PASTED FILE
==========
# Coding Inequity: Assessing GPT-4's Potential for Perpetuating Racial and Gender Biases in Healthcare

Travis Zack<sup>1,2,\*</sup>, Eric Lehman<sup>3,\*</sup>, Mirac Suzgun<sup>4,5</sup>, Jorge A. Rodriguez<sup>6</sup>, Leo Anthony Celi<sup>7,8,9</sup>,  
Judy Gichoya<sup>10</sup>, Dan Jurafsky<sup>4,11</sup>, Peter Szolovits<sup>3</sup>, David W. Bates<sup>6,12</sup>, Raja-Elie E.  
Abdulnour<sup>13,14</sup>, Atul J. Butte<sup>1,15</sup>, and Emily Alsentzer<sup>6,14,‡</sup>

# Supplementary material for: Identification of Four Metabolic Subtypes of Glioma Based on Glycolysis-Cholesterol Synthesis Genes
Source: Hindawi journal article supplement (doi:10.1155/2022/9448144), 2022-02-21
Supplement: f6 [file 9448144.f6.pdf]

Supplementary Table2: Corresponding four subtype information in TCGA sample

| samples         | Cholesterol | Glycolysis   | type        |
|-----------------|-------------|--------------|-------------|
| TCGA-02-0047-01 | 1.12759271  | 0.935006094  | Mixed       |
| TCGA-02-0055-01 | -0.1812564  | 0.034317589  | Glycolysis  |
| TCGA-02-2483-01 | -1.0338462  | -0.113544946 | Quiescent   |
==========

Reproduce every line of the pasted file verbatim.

# Coding Inequity: Assessing GPT-4's Potential for Perpetuating Racial and Gender Biases in Healthcare

Travis Zack<sup>1,2,\*</sup>, Eric Lehman<sup>3,\*</sup>, Mirac Suzgun<sup>4,5</sup>, Jorge A. Rodriguez<sup>6</sup>, Leo Anthony Celi<sup>7,8,9</sup>,  
Judy Gichoya<sup>10</sup>, Dan Jurafsky<sup>4,11</sup>, Peter Szolovits<sup>3</sup>, David W. Bates<sup>6,12</sup>, Raja-Elie E.  
Abdulnour<sup>13,14</sup>, Atul J. Butte<sup>1,15</sup>, and Emily Alsentzer<sup>6,14,‡</sup>

# Supplementary material for: Identification of Four Metabolic Subtypes of Glioma Based on Glycolysis-Cholesterol Synthesis Genes
Source: Hindawi journal article supplement (doi:10.1155/2022/9448144), 2022-02-21
Supplement: f6 [file 9448144.f6.pdf]

Supplementary Table2: Corresponding four subtype information in TCGA sample

| samples         | Cholesterol | Glycolysis   | type        |
|-----------------|-------------|--------------|-------------|
| TCGA-02-0047-01 | 1.12759271  | 0.935006094  | Mixed       |
| TCGA-02-0055-01 | -0.1812564  | 0.034317589  | Glycolysis  |
| TCGA-02-2483-01 | -1.0338462  | -0.113544946 | Quiescent   |